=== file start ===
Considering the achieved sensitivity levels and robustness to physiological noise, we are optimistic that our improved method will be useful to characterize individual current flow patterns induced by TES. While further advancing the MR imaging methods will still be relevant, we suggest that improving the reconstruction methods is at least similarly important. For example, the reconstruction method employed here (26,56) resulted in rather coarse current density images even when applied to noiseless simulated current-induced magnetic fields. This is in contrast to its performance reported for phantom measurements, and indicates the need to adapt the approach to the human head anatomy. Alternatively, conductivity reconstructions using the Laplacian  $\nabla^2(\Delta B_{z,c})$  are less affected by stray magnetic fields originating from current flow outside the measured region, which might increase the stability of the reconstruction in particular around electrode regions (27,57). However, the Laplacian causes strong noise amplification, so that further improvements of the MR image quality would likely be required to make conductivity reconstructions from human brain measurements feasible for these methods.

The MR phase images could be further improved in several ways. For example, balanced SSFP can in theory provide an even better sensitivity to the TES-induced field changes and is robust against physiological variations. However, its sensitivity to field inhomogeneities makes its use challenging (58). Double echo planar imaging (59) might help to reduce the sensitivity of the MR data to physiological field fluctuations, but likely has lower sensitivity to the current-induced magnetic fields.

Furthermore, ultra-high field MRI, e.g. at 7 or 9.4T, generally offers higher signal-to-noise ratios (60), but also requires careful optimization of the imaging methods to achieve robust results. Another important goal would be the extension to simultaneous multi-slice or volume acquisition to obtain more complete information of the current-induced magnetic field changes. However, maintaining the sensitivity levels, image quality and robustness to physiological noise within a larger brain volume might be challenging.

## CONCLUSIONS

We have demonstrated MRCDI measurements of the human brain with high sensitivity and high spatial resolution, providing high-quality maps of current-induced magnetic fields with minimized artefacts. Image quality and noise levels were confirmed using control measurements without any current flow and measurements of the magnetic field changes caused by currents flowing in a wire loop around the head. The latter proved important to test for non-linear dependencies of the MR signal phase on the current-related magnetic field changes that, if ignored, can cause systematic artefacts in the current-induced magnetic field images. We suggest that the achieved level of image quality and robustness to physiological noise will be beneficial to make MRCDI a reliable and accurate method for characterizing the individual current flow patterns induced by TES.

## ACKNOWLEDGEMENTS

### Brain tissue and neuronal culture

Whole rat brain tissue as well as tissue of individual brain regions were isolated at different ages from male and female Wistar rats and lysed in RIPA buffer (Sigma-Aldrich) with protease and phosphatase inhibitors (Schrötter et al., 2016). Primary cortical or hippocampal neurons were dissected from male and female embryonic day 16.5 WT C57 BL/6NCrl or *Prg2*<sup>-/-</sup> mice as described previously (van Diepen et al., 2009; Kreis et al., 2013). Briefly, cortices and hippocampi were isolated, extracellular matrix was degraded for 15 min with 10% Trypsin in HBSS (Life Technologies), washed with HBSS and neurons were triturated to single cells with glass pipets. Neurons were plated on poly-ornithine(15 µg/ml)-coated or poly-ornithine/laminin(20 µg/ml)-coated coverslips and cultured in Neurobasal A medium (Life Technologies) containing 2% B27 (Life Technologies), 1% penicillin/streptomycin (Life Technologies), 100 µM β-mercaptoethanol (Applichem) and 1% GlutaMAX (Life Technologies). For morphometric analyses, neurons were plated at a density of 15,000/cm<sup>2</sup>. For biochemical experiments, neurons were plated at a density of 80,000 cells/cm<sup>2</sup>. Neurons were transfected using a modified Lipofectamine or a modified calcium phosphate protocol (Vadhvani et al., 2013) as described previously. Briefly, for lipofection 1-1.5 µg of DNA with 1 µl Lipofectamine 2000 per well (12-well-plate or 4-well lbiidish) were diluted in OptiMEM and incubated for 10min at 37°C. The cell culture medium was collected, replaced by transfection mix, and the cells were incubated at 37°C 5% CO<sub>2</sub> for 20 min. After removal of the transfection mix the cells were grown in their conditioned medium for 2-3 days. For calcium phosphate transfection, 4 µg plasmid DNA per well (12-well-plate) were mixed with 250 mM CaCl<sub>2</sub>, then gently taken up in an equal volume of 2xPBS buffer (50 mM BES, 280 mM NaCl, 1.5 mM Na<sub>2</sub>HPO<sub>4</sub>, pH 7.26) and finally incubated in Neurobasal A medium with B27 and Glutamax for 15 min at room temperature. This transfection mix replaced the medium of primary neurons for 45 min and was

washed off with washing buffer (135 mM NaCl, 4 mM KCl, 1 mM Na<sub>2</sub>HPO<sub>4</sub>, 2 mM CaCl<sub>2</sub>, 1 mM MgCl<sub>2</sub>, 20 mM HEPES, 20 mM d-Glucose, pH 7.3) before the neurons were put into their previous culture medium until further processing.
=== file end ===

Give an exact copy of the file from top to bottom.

Considering the achieved sensitivity levels and robustness to physiological noise, we are optimistic that our improved method will be useful to characterize individual current flow patterns induced by TES. While further advancing the MR imaging methods will still be relevant, we suggest that improving the reconstruction methods is at least similarly important. For example, the reconstruction method employed here (26,56) resulted in rather coarse current density images even when applied to noiseless simulated current-induced magnetic fields. This is in contrast to its performance reported for phantom measurements, and indicates the need to adapt the approach to the human head anatomy. Alternatively, conductivity reconstructions using the Laplacian  $\nabla^2(\Delta B_{z,c})$  are less affected by stray magnetic fields originating from current flow outside the measured region, which might increase the stability of the reconstruction in particular around electrode regions (27,57). However, the Laplacian causes strong noise amplification, so that further improvements of the MR image quality would likely be required to make conductivity reconstructions from human brain measurements feasible for these methods.

The MR phase images could be further improved in several ways. For example, balanced SSFP can in theory provide an even better sensitivity to the TES-induced field changes and is robust against physiological variations. However, its sensitivity to field inhomogeneities makes its use challenging (58). Double echo planar imaging (59) might help to reduce the sensitivity of the MR data to physiological field fluctuations, but likely has lower sensitivity to the current-induced magnetic fields.

Furthermore, ultra-high field MRI, e.g. at 7 or 9.4T, generally offers higher signal-to-noise ratios (60), but also requires careful optimization of the imaging methods to achieve robust results. Another important goal would be the extension to simultaneous multi-slice or volume acquisition to obtain more complete information of the current-induced magnetic field changes. However, maintaining the sensitivity levels, image quality and robustness to physiological noise within a larger brain volume might be challenging.

## CONCLUSIONS

We have demonstrated MRCDI measurements of the human brain with high sensitivity and high spatial resolution, providing high-quality maps of current-induced magnetic fields with minimized artefacts. Image quality and noise levels were confirmed using control measurements without any current flow and measurements of the magnetic field changes caused by currents flowing in a wire loop around the head. The latter proved important to test for non-linear dependencies of the MR signal phase on the current-related magnetic field changes that, if ignored, can cause systematic artefacts in the current-induced magnetic field images. We suggest that the achieved level of image quality and robustness to physiological noise will be beneficial to make MRCDI a reliable and accurate method for characterizing the individual current flow patterns induced by TES.

## ACKNOWLEDGEMENTS

### Brain tissue and neuronal culture

Whole rat brain tissue as well as tissue of individual brain regions were isolated at different ages from male and female Wistar rats and lysed in RIPA buffer (Sigma-Aldrich) with protease and phosphatase inhibitors (Schrötter et al., 2016). Primary cortical or hippocampal neurons were dissected from male and female embryonic day 16.5 WT C57 BL/6NCrl or *Prg2*<sup>-/-</sup> mice as described previously (van Diepen et al., 2009; Kreis et al., 2013). Briefly, cortices and hippocampi were isolated, extracellular matrix was degraded for 15 min with 10% Trypsin in HBSS (Life Technologies), washed with HBSS and neurons were triturated to single cells with glass pipets. Neurons were plated on poly-ornithine(15 µg/ml)-coated or poly-ornithine/laminin(20 µg/ml)-coated coverslips and cultured in Neurobasal A medium (Life Technologies) containing 2% B27 (Life Technologies), 1% penicillin/streptomycin (Life Technologies), 100 µM β-mercaptoethanol (Applichem) and 1% GlutaMAX (Life Technologies). For morphometric analyses, neurons were plated at a density of 15,000/cm<sup>2</sup>. For biochemical experiments, neurons were plated at a density of 80,000 cells/cm<sup>2</sup>. Neurons were transfected using a modified Lipofectamine or a modified calcium phosphate protocol (Vadhvani et al., 2013) as described previously. Briefly, for lipofection 1-1.5 µg of DNA with 1 µl Lipofectamine 2000 per well (12-well-plate or 4-well lbiidish) were diluted in OptiMEM and incubated for 10min at 37°C. The cell culture medium was collected, replaced by transfection mix, and the cells were incubated at 37°C 5% CO<sub>2</sub> for 20 min. After removal of the transfection mix the cells were grown in their conditioned medium for 2-3 days. For calcium phosphate transfection, 4 µg plasmid DNA per well (12-well-plate) were mixed with 250 mM CaCl<sub>2</sub>, then gently taken up in an equal volume of 2xPBS buffer (50 mM BES, 280 mM NaCl, 1.5 mM Na<sub>2</sub>HPO<sub>4</sub>, pH 7.26) and finally incubated in Neurobasal A medium with B27 and Glutamax for 15 min at room temperature. This transfection mix replaced the medium of primary neurons for 45 min and was

washed off with washing buffer (135 mM NaCl, 4 mM KCl, 1 mM Na<sub>2</sub>HPO<sub>4</sub>, 2 mM CaCl<sub>2</sub>, 1 mM MgCl<sub>2</sub>, 20 mM HEPES, 20 mM d-Glucose, pH 7.3) before the neurons were put into their previous culture medium until further processing.